Whitney Houston’s Will has been big news since it was recently filed with the probate court in Fulton County, Georgia. Perhaps the biggest news is that Ms. Houston’s estate plan consists of a Will, signed in 1993 and modified by a single codicil, and nothing more. Not even a living trust.
The Will names Ms. Houston’s daughter, Bobbi Kristina, as sole beneficiary, with a provision for her estate to be distributed via a testamentary trust.
The fact that Whitney Houston left behind such an underwhelming estate plan creates some great talking points for you and your clients. Here are three:
Living Trusts Have Advantages: We’re all well acquainted with the benefits of living trusts, but our clients aren’t so familiar with them.
Here’s a thought: If Ms. Houston had opted for a living trust rather than a will, her estate plan would not be available for public viewing via Inside Edition or other curiosity-seekers. Most of your clients won’t have to worry about their Wills appearing on all the gossip websites, but they might be concerned about extended family members, colleagues, or acquaintances snooping through their private business.
Depending on the probate process in your state, the fees and delays associated with probating a Will may also be a concern. In addition, living trusts can serve as a valuable tool for balancing the varying needs and interests of blended families. You should counsel your clients to take all of these factors into account when thinking about an estate plan.
It Pays to Understand the Law: Whitney Houston made her Will in 1993, when she was married to Bobby Brown and was a resident of New Jersey. Had she and Brown still been married at the time of her death, he would have had the right to an elective share of her estate, regardless of the terms of her Will. That is, unless he’d signed a waiver of his right to an elective share. Who knows whether Whitney Houston understood that New Jersey law trumped the terms of her Will? Your job is to ensure your clients make educated choices about their own estates.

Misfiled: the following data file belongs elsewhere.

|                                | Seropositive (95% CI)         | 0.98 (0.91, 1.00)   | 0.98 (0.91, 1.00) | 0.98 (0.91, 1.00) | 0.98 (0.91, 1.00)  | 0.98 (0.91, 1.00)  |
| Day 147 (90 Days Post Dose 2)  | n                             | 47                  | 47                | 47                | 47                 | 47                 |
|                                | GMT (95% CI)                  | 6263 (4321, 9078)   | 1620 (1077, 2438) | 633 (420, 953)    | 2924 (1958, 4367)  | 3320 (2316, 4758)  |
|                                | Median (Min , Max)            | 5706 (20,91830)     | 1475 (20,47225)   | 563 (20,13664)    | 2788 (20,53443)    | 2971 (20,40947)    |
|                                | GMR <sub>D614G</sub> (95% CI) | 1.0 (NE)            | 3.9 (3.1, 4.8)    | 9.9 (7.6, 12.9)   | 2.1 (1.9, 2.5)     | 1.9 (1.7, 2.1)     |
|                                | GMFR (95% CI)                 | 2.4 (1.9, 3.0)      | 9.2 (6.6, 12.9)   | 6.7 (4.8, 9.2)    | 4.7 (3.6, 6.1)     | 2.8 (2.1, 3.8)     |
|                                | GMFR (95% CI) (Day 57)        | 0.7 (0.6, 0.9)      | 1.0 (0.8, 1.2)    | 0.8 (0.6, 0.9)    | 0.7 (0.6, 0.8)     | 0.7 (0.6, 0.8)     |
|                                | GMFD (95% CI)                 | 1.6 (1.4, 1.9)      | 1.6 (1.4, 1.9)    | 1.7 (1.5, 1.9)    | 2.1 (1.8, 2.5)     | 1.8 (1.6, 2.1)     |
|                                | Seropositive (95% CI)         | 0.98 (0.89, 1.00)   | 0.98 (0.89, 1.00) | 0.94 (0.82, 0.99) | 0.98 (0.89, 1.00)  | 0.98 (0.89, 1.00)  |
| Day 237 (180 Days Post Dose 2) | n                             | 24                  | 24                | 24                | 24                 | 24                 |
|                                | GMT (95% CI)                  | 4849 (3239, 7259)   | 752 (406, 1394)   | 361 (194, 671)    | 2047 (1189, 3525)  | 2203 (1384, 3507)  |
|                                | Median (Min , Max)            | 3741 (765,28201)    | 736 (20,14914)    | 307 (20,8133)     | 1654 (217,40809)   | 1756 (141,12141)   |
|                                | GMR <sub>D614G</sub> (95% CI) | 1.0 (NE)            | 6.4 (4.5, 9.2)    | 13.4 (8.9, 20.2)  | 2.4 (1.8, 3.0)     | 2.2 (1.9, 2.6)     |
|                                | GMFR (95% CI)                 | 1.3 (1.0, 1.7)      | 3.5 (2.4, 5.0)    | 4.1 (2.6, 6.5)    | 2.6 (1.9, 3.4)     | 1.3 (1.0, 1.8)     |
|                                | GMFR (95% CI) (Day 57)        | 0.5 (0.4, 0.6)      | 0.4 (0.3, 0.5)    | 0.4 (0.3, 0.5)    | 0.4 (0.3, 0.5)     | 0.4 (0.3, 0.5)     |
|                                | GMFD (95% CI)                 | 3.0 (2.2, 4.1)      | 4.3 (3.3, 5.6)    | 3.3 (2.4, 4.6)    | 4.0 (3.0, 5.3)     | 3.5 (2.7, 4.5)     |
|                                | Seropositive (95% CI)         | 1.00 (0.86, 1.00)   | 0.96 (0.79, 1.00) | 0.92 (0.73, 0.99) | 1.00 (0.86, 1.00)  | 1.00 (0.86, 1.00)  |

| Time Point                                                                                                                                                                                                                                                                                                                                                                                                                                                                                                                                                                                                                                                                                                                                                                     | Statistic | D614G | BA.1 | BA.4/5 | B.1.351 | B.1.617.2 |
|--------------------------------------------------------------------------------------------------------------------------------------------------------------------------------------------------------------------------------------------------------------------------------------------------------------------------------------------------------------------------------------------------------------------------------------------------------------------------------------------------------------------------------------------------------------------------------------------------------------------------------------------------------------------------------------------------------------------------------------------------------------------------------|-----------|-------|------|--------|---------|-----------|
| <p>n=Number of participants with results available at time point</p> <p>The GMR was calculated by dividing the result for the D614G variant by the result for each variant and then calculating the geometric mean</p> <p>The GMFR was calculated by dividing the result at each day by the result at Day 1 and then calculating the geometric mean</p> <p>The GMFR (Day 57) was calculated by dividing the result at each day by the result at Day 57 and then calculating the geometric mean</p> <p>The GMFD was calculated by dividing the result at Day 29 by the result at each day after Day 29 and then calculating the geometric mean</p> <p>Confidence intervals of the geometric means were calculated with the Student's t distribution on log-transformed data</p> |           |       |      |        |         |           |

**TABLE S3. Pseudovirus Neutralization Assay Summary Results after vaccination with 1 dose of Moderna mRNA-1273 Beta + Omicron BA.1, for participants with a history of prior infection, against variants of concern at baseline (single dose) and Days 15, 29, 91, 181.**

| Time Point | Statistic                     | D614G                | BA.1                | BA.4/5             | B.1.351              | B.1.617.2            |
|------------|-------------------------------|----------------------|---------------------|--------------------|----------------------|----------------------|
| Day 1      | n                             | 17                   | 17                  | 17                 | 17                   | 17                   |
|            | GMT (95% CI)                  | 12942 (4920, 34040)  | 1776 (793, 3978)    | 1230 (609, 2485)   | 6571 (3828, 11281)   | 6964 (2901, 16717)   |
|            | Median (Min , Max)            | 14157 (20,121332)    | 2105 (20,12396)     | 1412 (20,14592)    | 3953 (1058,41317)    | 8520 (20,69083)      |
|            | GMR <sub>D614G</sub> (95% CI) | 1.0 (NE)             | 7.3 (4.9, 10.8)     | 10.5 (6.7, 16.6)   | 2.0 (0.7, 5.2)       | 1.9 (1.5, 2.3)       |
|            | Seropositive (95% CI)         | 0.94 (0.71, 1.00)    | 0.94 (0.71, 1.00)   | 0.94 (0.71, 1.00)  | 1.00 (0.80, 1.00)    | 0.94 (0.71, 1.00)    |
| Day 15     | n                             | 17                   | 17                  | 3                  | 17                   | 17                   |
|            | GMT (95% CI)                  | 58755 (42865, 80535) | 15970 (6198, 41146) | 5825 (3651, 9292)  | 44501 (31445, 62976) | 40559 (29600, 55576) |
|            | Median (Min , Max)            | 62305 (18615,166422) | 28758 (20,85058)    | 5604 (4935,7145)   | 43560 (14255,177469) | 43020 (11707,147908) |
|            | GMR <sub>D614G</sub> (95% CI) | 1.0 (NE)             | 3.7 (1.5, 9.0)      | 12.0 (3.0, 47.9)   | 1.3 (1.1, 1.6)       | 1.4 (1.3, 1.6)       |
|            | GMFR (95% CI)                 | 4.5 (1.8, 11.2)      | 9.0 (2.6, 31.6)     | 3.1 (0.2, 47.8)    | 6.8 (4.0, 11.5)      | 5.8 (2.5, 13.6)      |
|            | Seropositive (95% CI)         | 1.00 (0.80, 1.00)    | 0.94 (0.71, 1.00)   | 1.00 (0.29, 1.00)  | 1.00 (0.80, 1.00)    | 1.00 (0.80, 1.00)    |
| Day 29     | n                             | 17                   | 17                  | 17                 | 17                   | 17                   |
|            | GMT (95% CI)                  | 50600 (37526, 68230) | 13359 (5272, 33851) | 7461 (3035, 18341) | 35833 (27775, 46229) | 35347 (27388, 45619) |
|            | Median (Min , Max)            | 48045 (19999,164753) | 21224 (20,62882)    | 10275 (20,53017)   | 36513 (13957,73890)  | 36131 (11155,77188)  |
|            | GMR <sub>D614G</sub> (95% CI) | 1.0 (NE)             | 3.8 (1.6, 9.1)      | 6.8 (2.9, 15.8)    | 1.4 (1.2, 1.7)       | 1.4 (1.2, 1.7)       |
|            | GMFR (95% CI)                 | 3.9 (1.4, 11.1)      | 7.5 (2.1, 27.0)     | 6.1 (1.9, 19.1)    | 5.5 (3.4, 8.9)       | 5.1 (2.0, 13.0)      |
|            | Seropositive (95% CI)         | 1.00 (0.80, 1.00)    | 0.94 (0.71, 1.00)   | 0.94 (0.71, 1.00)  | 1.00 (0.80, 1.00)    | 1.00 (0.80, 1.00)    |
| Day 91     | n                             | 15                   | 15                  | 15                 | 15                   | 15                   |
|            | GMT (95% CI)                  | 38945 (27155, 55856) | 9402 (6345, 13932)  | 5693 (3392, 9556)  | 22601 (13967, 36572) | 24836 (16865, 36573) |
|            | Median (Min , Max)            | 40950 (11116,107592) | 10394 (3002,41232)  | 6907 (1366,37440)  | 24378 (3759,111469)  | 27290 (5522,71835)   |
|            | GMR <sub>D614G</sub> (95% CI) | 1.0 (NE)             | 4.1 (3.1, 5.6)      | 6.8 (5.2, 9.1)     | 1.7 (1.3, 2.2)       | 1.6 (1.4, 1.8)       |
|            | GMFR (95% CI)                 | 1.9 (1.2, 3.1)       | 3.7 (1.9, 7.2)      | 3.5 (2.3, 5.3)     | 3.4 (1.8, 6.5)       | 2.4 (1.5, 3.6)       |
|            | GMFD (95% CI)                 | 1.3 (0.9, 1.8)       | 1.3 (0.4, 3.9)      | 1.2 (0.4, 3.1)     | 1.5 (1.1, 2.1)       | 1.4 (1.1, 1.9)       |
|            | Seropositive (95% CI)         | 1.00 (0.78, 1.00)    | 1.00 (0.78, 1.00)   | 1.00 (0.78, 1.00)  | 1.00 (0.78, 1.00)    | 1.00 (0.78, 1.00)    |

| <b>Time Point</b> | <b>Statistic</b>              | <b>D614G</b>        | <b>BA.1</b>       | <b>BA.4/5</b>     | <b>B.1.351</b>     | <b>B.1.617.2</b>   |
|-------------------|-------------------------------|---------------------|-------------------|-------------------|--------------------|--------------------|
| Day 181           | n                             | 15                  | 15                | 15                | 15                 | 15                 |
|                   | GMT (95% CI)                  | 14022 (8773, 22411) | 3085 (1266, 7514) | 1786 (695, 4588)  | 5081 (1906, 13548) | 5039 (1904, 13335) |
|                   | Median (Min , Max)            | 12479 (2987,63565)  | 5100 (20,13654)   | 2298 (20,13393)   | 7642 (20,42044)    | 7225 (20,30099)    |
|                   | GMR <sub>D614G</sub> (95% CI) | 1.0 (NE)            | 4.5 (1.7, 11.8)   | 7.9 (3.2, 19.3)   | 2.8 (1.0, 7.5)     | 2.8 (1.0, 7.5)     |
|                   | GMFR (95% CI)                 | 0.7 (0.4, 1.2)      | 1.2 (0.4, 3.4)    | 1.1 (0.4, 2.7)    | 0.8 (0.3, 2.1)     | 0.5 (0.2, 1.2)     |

Update, Update, Update: Regardless of the estate planning method your clients ultimately use, it’s imperative that they update their estate plans. A lot transpired in the 19 years between the making of Whitney Houston’s Will and her death. She signed a codicil in 2000 naming her mother as executor, but she didn’t make any changes to her plan after her 2007 divorce.
Again, this is a great discussion point for your clients. Your clients may or may not know that a divorce creates the need for a new Will or trust. But they’re likely unaware that a divorce decree doesn’t automatically sever all ties – think beneficiary designations, for example. It’s your role to counsel and educate them – not only about updating after a divorce, but after other life changes, too.
The Whitney Houston estate – or any other celebrity estate – can present a great jumping-off point for a discussion about your clients’ needs. It can be a great way for you to connect with your client on a personal level, while giving a teaching moment, as well.
Stephen C. Hartnett, J.D., LL.M.
Associate Director of Education
American Academy of Estate Planning Attorneys, Inc.
9444 Balboa Avenue, Suite 300
San Diego, California 92123
Phone: (800) 846-1555
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